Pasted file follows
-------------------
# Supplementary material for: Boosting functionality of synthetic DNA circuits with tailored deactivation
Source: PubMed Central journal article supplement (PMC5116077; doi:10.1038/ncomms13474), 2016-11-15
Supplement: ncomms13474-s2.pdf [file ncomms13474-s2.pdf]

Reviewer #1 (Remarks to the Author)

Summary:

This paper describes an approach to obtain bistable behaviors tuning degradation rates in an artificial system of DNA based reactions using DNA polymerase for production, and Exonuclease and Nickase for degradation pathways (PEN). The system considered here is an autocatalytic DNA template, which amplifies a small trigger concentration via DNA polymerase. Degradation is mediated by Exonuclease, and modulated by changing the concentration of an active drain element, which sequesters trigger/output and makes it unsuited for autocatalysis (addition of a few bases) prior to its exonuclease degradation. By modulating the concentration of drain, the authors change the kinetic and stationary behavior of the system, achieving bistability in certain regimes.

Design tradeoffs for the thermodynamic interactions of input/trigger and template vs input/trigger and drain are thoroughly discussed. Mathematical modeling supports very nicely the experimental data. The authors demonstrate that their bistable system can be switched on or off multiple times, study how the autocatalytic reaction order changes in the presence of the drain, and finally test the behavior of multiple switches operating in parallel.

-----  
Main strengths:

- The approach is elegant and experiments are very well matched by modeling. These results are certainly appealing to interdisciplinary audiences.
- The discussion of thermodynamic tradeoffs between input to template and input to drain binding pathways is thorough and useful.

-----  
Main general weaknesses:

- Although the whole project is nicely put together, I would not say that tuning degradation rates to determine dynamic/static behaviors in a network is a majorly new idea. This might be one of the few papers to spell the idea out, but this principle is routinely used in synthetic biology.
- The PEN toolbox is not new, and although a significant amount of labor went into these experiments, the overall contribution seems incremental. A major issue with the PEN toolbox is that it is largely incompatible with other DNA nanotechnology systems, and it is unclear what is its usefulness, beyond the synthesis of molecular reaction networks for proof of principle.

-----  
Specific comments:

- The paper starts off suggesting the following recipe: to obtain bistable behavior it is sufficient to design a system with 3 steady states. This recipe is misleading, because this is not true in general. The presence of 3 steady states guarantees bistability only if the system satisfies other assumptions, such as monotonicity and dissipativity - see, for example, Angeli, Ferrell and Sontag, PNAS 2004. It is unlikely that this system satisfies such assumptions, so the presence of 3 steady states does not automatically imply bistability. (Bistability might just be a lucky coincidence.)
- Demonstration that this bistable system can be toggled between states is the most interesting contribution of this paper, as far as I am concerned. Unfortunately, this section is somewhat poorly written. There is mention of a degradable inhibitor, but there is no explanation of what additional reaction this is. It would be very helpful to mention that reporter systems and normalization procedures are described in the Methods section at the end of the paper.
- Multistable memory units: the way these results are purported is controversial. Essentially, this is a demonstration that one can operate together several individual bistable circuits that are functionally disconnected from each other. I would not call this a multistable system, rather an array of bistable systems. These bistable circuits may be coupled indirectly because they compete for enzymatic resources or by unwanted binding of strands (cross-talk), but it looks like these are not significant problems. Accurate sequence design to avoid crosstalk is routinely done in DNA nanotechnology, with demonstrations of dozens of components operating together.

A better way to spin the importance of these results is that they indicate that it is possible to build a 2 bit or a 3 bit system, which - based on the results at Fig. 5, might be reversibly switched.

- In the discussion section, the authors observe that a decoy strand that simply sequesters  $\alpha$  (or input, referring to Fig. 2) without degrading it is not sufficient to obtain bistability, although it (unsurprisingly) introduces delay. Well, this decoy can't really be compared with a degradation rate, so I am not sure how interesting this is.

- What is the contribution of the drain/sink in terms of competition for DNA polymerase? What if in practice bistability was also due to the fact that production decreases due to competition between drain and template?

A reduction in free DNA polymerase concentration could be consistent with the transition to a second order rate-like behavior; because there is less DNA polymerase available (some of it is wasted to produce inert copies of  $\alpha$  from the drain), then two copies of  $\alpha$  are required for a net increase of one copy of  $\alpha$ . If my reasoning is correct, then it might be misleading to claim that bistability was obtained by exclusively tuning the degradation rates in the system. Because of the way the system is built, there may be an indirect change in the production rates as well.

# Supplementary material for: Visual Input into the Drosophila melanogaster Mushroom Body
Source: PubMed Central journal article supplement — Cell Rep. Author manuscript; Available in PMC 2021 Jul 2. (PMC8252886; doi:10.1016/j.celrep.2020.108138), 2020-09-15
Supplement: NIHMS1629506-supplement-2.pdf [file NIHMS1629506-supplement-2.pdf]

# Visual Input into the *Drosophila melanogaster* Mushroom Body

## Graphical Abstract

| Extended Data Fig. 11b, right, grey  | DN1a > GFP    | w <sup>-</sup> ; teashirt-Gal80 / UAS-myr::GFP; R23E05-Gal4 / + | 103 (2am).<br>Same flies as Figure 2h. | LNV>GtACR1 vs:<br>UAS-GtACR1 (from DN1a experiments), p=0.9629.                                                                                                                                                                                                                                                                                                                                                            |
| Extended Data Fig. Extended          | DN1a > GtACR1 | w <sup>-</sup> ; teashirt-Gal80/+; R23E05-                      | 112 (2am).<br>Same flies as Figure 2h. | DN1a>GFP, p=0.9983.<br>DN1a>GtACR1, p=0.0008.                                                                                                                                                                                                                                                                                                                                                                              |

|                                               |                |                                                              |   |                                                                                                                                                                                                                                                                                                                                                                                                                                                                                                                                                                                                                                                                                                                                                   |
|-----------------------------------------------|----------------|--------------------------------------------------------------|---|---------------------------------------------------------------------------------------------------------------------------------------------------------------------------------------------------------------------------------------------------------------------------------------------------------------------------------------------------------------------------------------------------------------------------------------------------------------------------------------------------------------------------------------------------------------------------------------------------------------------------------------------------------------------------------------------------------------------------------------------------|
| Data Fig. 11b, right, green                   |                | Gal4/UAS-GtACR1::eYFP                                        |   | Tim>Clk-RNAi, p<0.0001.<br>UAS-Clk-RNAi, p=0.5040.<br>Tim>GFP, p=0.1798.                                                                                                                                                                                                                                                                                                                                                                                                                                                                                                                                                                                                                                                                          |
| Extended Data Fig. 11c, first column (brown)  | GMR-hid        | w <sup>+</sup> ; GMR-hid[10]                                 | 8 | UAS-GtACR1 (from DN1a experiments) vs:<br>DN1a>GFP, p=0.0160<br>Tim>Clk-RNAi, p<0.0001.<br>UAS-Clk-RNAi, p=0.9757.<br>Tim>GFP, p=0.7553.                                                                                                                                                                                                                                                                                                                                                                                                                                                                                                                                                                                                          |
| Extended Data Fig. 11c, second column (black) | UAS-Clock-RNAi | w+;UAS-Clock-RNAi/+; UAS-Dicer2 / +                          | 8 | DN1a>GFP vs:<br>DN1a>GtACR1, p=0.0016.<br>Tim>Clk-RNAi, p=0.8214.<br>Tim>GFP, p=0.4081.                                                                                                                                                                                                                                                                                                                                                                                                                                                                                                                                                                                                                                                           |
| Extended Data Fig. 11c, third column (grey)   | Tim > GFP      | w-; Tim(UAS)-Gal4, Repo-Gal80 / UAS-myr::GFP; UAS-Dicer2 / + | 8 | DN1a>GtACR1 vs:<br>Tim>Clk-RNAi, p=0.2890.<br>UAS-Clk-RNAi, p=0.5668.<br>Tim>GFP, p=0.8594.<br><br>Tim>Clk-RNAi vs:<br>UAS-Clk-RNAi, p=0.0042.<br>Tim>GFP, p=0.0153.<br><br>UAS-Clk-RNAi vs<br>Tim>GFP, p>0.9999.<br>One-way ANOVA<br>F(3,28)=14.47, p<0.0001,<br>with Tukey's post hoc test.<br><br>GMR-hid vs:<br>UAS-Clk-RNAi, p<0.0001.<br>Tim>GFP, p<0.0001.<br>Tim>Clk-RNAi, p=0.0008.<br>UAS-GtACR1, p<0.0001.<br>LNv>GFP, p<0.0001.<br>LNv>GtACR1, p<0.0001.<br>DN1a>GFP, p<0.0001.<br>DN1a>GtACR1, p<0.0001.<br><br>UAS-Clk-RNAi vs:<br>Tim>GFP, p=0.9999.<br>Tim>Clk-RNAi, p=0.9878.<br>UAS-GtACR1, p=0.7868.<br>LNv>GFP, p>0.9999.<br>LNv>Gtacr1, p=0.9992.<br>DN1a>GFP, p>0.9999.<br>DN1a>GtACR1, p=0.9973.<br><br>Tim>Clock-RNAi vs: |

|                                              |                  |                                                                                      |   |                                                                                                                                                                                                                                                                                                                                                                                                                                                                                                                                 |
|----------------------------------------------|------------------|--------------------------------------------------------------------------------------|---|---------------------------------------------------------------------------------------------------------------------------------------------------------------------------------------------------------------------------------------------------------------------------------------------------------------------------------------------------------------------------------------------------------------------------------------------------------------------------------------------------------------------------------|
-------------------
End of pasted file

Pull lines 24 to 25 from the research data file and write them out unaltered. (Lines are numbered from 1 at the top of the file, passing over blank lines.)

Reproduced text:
A reduction in free DNA polymerase concentration could be consistent with the transition to a second order rate-like behavior; because there is less DNA polymerase available (some of it is wasted to produce inert copies of  $\alpha$  from the drain), then two copies of  $\alpha$  are required for a net increase of one copy of  $\alpha$ . If my reasoning is correct, then it might be misleading to claim that bistability was obtained by exclusively tuning the degradation rates in the system. Because of the way the system is built, there may be an indirect change in the production rates as well.

# Supplementary material for: Visual Input into the Drosophila melanogaster Mushroom Body